a. By giving each data input a reference code that can be mapped against a separate submission by the builder/developer that details the specification corresponding to each unique reference code in the data input.
b. By providing a free-text entry facility along with each input parameter that has a unique reference code, thereby allowing the software to capture the specification of each item and so include the full details in an integrated output report.
c. By including one or more utility programs that derive the data input from the specification, e.g. a U-value calculator that conforms to BR 443 and that calculates the U-value based on the layer thicknesses and conductivities, repeating thermal bridge effects etc. Outputs from such a utility program could then automatically generate the type of integrated report described at sub-paragraph b.
It would also help the BCB if the software included a facility to compare the ‘as designed’ and ‘as constructed’ data input files and automatically produce a schedule of changes.
5. The report should highlight any items whose specification is better than typically expected values. The BCB is advised to give particular attention to such ‘key features’, as their appropriate installation will be critical in achieving the TER.
It is expected that low and zero carbon technologies will increasingly be employed for compliance, particularly where the average performance of elements in the actual building is worse than the concurrent specification. The report should highlight where these low and zero carbon technologies have been used and the BCB is advised to give particular attention to their installation.
The BCB is advised to give particular attention to those aspects where the claimed specification delivers an energy efficiency standard in advance of that defined in the following schedule.
|Wall U-value||0.23 W/(m2.K)|
|Roof U-value||0.15 W/(m2.K)|
|Floor U-value||0.20 W/(m2.K)|
|Window/door U-value||1.5 W/(m2.K)|
|Design air permeability||5.0 m3/(h.m2) at 50 Pa|
Fixed building service efficiency more than 15% better than that recommended for its type in the Non-Domestic Building Services Compliance Guide.
Use of any low-carbon or renewable energy technology
Air Tightness Testing and Measurement Association (ATTMA)
Technical Standard L2 Measuring air permeability of building envelopes .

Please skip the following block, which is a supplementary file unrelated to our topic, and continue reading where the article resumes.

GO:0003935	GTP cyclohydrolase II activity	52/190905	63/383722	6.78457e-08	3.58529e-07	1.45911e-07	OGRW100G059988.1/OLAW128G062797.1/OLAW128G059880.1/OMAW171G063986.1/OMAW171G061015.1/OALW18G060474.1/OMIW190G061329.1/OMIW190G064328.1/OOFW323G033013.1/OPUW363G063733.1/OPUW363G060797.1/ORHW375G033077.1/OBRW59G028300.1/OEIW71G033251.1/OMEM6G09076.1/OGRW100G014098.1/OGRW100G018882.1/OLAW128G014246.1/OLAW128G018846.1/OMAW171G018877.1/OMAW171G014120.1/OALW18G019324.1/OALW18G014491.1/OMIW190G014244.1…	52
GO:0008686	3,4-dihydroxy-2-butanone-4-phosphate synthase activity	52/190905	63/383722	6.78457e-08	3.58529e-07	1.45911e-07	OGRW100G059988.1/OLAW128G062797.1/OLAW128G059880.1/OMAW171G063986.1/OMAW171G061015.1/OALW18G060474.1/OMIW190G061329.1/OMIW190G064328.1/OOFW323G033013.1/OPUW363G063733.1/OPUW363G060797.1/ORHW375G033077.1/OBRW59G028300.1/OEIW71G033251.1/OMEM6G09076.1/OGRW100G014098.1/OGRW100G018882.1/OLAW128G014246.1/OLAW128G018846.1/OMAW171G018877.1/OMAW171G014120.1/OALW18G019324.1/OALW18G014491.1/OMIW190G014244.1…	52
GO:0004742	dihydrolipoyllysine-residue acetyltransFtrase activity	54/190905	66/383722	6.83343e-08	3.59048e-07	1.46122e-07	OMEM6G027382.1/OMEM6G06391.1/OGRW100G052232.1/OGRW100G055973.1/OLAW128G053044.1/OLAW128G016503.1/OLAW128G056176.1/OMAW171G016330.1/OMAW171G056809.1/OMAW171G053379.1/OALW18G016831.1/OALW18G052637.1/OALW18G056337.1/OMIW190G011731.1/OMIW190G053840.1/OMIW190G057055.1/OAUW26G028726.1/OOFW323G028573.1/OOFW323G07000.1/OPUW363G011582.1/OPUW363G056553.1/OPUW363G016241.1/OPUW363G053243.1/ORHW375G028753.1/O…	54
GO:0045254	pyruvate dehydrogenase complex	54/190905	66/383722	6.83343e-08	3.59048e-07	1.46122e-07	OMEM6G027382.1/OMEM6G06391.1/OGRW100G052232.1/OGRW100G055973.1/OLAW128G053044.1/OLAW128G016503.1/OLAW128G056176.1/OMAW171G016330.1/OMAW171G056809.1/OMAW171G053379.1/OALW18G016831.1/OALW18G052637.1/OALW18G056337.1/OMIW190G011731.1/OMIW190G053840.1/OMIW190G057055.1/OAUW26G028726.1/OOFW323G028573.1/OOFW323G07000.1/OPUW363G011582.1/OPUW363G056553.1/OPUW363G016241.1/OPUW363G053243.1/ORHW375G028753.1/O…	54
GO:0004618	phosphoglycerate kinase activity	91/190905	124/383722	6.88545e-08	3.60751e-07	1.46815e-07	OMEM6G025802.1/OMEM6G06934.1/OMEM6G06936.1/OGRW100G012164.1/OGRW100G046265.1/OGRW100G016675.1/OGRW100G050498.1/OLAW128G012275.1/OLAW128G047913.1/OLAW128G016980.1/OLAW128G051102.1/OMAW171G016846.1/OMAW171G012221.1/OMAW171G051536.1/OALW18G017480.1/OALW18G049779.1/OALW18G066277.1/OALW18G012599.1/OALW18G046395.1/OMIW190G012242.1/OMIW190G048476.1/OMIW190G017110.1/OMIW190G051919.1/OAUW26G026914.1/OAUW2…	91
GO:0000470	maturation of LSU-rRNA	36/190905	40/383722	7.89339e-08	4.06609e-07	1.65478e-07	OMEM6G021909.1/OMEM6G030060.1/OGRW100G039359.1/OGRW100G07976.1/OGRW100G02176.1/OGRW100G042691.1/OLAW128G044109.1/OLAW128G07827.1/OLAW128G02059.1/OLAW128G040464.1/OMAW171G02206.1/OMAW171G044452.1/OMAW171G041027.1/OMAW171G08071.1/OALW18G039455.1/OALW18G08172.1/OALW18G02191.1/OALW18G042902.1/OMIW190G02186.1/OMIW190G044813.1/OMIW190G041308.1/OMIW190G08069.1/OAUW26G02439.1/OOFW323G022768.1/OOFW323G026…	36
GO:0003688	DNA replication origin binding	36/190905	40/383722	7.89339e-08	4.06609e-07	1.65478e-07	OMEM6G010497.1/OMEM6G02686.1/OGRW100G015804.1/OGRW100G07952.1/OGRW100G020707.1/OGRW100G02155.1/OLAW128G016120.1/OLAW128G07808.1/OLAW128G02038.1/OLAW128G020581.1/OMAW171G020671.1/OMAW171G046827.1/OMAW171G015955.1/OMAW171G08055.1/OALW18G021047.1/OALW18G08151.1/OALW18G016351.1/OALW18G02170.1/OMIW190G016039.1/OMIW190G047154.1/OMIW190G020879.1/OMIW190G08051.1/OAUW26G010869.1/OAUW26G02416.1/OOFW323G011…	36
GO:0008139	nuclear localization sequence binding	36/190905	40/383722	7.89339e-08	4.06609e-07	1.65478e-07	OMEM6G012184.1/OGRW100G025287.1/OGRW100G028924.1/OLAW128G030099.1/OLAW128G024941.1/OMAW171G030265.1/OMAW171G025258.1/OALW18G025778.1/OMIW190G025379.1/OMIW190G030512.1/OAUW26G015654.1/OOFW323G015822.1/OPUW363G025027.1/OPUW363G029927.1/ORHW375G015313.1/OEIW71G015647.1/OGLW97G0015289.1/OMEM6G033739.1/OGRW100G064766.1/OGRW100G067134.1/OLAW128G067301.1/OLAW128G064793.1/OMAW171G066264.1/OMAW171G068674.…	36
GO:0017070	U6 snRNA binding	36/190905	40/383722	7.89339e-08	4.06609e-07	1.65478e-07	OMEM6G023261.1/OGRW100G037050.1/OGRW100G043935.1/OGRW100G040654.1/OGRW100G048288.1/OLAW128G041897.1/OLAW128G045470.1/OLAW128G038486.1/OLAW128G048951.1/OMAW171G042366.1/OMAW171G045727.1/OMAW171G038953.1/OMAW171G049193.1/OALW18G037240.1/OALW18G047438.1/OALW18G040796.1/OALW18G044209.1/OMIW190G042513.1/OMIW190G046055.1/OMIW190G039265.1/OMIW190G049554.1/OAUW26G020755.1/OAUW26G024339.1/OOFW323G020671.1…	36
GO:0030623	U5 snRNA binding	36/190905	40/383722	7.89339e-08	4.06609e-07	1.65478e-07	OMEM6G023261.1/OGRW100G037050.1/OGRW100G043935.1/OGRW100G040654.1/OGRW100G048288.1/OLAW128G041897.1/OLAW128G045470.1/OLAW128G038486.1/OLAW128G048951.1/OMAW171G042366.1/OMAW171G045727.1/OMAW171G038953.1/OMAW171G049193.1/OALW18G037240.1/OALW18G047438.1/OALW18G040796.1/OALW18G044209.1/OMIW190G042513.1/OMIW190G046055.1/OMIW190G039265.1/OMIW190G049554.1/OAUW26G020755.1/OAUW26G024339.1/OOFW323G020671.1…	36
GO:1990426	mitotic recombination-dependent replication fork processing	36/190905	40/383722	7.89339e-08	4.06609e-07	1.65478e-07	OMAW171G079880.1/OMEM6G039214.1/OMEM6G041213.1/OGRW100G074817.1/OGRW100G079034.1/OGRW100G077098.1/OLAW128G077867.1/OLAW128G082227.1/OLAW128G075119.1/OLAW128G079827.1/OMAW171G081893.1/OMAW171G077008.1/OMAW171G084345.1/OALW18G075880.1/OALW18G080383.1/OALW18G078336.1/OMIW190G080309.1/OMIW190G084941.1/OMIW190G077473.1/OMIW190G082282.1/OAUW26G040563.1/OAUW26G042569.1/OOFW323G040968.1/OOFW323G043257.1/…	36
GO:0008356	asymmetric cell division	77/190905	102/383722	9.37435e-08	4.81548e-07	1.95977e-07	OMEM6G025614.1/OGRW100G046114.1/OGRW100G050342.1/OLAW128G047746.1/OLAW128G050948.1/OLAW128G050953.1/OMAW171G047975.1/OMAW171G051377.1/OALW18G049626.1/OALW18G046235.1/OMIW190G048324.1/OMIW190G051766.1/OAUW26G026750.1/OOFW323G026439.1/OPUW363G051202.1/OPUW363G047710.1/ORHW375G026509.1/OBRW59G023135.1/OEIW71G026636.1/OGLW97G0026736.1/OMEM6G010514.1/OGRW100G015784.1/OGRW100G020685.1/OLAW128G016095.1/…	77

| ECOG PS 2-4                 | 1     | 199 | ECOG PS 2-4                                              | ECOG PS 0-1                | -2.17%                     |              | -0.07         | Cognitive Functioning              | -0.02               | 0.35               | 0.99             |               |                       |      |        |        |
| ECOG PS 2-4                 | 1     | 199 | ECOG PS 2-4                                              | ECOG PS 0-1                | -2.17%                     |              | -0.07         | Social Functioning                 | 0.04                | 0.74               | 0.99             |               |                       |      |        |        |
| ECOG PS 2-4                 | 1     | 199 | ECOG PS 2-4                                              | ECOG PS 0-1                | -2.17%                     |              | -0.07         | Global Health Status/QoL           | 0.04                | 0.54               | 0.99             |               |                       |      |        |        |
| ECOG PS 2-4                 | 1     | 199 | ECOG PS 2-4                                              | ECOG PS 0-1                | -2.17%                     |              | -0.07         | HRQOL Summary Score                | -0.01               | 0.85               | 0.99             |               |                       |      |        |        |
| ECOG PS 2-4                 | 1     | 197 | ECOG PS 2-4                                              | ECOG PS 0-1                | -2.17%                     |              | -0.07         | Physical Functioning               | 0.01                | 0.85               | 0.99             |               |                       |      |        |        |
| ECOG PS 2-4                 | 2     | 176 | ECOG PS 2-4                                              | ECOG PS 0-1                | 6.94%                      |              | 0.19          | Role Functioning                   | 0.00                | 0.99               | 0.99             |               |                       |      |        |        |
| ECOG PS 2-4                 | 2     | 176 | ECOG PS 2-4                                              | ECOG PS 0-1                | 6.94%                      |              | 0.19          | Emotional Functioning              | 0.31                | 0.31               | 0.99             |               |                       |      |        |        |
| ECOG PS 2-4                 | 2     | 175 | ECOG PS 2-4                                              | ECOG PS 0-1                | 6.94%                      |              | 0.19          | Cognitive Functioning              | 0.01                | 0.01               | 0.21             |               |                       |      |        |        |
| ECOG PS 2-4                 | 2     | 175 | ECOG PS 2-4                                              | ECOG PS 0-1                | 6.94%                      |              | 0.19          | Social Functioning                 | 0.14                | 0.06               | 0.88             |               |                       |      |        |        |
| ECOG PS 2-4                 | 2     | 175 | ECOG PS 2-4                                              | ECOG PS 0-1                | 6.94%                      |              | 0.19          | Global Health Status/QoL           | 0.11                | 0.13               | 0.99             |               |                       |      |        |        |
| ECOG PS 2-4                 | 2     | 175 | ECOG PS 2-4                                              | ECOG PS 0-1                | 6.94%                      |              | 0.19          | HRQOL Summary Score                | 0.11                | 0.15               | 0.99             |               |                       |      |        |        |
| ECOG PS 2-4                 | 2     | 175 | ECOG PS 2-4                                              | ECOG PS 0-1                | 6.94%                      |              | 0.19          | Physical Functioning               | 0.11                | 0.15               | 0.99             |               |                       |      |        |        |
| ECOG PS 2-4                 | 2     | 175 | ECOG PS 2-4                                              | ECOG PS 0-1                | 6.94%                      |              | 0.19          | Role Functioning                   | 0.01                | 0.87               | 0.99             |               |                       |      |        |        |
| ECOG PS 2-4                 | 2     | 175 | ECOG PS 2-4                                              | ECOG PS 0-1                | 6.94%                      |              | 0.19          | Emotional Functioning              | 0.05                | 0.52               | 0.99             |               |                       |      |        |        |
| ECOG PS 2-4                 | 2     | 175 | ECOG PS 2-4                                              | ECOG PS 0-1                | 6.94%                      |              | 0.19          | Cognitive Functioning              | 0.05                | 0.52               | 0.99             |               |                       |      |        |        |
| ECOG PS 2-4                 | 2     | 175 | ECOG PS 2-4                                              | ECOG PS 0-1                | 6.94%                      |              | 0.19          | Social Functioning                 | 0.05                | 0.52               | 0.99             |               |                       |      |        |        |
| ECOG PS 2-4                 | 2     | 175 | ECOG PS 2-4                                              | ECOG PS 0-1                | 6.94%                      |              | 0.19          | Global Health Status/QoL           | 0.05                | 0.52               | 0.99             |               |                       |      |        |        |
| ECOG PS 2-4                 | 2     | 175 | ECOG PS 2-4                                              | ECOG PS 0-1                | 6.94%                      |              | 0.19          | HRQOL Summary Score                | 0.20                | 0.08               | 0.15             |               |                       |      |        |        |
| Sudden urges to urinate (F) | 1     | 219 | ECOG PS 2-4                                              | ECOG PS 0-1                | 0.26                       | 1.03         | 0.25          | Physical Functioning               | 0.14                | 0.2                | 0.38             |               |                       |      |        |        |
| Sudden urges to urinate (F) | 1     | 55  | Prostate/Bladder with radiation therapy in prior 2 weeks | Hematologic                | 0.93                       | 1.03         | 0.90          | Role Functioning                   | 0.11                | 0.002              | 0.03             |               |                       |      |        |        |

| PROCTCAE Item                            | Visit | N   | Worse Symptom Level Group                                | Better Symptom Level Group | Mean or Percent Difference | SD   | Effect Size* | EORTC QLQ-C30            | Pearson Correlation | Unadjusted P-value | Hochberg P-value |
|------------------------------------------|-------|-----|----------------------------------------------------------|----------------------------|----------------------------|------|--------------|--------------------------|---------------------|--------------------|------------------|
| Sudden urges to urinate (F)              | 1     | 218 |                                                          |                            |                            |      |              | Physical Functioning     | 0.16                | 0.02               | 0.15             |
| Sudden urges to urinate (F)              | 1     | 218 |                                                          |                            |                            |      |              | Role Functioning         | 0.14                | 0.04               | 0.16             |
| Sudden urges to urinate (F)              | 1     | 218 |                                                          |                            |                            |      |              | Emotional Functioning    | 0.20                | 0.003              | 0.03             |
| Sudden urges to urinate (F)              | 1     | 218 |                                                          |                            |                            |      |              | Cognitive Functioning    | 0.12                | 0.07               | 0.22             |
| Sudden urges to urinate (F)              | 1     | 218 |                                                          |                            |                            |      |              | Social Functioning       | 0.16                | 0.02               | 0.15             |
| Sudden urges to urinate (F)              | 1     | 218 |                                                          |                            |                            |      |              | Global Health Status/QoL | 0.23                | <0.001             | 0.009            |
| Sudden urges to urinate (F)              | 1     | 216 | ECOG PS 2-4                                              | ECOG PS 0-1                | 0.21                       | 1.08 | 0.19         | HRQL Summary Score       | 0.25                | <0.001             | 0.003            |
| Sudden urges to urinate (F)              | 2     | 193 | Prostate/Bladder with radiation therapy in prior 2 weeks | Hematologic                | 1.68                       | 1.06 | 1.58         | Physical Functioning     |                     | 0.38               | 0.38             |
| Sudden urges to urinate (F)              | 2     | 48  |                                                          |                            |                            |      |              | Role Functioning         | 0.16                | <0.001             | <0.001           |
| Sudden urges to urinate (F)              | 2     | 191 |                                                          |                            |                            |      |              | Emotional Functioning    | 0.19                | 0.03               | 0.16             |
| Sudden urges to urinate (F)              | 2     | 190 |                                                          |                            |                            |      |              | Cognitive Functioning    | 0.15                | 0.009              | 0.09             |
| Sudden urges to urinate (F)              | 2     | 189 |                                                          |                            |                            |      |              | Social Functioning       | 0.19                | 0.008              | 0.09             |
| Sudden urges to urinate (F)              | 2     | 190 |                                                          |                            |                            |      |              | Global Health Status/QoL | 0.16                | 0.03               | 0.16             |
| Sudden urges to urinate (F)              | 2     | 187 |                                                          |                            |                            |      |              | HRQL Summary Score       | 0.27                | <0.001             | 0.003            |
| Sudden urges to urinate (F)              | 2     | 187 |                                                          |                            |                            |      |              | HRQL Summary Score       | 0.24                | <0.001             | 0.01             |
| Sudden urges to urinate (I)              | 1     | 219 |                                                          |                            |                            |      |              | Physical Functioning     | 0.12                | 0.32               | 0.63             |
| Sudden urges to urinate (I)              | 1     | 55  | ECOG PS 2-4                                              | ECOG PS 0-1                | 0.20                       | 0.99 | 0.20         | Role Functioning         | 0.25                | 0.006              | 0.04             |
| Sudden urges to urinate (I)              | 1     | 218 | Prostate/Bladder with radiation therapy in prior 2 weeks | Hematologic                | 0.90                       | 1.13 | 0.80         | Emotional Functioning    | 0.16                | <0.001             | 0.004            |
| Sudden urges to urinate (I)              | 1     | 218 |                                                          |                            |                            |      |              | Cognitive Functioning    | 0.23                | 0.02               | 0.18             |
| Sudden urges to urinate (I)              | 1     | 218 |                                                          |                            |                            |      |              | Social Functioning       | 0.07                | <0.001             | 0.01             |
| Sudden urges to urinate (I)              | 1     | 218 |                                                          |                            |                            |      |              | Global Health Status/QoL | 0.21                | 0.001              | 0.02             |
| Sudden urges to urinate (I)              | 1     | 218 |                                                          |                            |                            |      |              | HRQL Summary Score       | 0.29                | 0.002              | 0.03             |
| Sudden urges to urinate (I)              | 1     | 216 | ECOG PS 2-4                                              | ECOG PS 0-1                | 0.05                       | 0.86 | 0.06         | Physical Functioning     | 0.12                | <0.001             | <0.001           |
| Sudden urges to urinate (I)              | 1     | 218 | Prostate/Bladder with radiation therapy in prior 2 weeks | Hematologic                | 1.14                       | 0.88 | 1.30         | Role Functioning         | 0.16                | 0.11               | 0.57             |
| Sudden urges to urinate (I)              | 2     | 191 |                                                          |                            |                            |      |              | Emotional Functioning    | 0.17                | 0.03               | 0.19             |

Building and Engineering Services Association (B&ES)
DW/143 A practical guide to Ductwork Leakage Testing .
DW/144 Specification for Sheet Metal Ductwork .
BR 443 Conventions for U-value calculations . (www.bre.co.uk/uvalues)
BRE Report BR 497 Conventions for calculating linear thermal transmittance and temperature factors [2007 and 2010 amendment and conventions].
ISBN 978 1 86081 986 5
Information Paper IP 1/06 Assessing the effects of thermal bridging at junctions and around openings in the external elements of buildings .
ISBN 978 1 86081 904 9
National Calculation Methodology (NCM)
BG 8/2009 Model Commissioning Plan. BG 26/2011 Building manuals and building user guides
Chartered Institution of Building Services Engineers (CIBSE)
Commissioning Code M Commissioning Management .
ISBN 978 1 90328 733 0
TM 31 Building Log Book Toolkit .
ISBN 978 1 90328 771 2
TM 37 Design for improved solar shading control .
ISBN 978 1 90328 757 6
TM 39 Building energy metering .
ISBN 978 1 90684 611 4
TM 46 Energy benchmarks .
ISBN 978 1 90328 795 8
Department for Energy and Climate Change (DECC)
The Government’s Standard Assessment Procedure for energy rating of dwellings, SAP 2012. (Available at www.bre.co.uk/sap2012)
Department for Communities and Local Government
National Planning Policy Framework . Non-Domestic Building Services Compliance Guide .
Notice of Approval of the methodology of calculation of the energy performance of buildings in England.
Department for Education (DfE)
Building Bulletin 101 Ventilation of School Buildings, School Building and Design Unit .
National Association of Rooflight Manufacturers (NARM)
Technical Document NTD 2 Assessment of thermal performance of out-of-plane rooflights 
BS EN ISO 13370 Thermal performance of buildings. Heat transfer via the ground. Calculation methods [2007 incorporating corrigendum March 2009].
BS EN 410 Glass in building. Determination of luminous and solar characteristics of glazing .
BS EN 14351-1 Windows and doors. Product standard, performance characteristics. Windows and external pedestrian doorsets without resistance to fire and/or smoke leakage characteristics [2006 (+AMD 1:2010)].